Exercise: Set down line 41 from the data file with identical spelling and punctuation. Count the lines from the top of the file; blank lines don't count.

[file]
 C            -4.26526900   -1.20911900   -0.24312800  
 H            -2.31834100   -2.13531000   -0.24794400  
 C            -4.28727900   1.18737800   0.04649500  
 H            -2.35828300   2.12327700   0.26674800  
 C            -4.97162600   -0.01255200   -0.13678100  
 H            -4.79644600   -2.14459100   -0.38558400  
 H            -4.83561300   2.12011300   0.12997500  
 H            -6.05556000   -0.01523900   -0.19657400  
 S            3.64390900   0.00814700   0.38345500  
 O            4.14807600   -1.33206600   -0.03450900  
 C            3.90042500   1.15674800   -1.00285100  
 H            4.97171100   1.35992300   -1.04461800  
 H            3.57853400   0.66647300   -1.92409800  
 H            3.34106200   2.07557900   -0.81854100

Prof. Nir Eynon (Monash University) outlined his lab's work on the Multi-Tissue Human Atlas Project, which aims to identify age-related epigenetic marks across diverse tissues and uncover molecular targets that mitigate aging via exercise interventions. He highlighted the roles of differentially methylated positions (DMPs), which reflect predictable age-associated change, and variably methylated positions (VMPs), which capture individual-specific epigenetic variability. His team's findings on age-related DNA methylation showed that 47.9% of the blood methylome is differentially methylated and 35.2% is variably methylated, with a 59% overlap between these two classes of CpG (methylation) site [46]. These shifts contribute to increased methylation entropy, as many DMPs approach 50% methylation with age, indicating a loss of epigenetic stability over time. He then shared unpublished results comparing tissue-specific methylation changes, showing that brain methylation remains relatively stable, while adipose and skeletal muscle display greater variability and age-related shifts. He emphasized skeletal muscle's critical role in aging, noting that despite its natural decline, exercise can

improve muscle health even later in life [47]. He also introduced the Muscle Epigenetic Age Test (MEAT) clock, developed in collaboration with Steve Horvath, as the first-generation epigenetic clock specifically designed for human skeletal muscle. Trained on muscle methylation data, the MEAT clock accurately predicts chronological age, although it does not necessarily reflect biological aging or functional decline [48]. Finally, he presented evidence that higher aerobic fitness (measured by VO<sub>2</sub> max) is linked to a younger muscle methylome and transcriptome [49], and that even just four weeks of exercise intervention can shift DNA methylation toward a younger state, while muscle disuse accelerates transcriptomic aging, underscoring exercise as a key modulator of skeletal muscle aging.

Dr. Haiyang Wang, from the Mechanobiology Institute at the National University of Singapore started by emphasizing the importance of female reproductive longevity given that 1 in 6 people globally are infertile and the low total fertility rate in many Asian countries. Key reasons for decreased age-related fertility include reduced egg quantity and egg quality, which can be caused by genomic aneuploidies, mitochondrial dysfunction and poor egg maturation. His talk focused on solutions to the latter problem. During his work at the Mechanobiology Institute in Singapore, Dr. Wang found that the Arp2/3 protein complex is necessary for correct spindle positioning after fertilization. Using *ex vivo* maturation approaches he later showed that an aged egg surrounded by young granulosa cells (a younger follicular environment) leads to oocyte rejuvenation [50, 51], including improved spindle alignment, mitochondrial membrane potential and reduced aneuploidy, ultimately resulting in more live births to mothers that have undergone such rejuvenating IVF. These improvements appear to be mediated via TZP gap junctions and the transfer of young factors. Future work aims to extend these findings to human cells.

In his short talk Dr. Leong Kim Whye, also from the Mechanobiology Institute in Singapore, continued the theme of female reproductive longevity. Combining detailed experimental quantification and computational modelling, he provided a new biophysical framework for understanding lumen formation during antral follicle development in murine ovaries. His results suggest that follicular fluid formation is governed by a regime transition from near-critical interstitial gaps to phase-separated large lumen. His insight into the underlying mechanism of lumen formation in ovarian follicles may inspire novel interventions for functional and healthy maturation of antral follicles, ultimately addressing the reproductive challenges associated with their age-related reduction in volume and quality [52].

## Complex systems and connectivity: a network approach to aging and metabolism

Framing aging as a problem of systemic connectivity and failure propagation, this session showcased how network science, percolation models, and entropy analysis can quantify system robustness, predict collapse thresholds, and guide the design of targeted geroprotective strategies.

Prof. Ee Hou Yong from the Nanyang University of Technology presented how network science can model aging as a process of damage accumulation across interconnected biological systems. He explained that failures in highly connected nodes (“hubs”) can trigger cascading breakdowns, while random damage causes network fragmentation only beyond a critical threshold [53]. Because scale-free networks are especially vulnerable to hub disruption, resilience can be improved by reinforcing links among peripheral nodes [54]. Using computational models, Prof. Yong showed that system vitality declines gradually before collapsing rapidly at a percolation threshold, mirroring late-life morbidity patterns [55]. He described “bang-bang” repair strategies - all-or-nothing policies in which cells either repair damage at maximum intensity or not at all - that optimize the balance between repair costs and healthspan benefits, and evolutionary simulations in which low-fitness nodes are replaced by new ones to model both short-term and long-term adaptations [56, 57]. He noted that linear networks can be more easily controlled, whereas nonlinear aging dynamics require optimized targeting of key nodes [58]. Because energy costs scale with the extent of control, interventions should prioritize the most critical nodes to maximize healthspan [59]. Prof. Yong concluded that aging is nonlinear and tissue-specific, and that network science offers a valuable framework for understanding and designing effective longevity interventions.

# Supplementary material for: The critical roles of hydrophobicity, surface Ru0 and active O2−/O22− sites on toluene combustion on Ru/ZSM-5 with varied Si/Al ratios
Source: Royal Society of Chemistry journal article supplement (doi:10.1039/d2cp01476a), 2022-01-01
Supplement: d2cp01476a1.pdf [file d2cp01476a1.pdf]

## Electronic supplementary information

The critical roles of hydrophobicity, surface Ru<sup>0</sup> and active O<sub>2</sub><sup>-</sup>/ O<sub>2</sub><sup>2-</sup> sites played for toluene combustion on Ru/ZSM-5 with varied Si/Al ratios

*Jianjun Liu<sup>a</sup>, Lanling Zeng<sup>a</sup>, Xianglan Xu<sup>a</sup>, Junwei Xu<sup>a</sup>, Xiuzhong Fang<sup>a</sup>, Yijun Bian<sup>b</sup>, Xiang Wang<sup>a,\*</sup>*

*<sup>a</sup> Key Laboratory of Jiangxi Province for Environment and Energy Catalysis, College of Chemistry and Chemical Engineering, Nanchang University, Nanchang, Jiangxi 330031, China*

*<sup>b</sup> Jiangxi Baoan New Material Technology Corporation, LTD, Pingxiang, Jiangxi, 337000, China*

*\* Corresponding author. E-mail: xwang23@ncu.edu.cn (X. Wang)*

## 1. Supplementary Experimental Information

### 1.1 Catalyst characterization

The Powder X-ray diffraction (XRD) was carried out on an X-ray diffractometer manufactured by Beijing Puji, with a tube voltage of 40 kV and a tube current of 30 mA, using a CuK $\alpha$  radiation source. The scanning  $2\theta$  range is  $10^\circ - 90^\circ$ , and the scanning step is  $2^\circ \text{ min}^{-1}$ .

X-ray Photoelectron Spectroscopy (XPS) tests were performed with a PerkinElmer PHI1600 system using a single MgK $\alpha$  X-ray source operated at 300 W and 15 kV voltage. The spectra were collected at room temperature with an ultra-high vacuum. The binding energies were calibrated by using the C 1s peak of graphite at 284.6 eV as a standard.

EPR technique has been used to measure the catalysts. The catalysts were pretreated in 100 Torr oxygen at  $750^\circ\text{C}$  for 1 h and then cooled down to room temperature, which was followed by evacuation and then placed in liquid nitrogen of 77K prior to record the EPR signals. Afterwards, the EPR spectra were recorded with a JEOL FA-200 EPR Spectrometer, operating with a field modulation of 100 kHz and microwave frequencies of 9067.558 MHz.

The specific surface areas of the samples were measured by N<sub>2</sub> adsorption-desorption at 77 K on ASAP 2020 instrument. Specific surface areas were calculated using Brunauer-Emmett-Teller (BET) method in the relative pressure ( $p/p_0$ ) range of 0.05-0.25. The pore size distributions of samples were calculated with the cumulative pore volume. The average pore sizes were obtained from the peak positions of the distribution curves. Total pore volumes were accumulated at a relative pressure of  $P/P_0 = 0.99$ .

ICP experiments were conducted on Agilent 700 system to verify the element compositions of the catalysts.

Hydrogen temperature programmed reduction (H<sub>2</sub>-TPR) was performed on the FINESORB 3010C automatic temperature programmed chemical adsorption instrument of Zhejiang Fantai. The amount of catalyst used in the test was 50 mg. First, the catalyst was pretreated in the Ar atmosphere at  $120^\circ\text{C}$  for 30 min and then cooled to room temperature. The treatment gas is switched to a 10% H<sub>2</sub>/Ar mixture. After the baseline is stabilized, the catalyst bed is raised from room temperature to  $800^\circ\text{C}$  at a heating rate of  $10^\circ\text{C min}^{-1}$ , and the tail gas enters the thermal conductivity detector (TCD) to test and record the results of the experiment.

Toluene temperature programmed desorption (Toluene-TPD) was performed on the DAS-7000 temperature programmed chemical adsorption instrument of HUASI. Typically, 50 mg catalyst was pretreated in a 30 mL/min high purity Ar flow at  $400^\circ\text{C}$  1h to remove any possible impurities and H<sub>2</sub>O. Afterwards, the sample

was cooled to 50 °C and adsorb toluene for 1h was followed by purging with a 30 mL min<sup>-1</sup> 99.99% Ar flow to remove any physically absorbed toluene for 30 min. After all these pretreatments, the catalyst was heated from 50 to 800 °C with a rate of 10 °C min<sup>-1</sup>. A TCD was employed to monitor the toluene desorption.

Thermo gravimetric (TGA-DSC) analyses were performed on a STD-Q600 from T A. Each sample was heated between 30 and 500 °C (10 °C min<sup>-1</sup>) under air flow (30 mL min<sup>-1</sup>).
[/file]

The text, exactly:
Thermo gravimetric (TGA-DSC) analyses were performed on a STD-Q600 from T A. Each sample was heated between 30 and 500 °C (10 °C min<sup>-1</sup>) under air flow (30 mL min<sup>-1</sup>).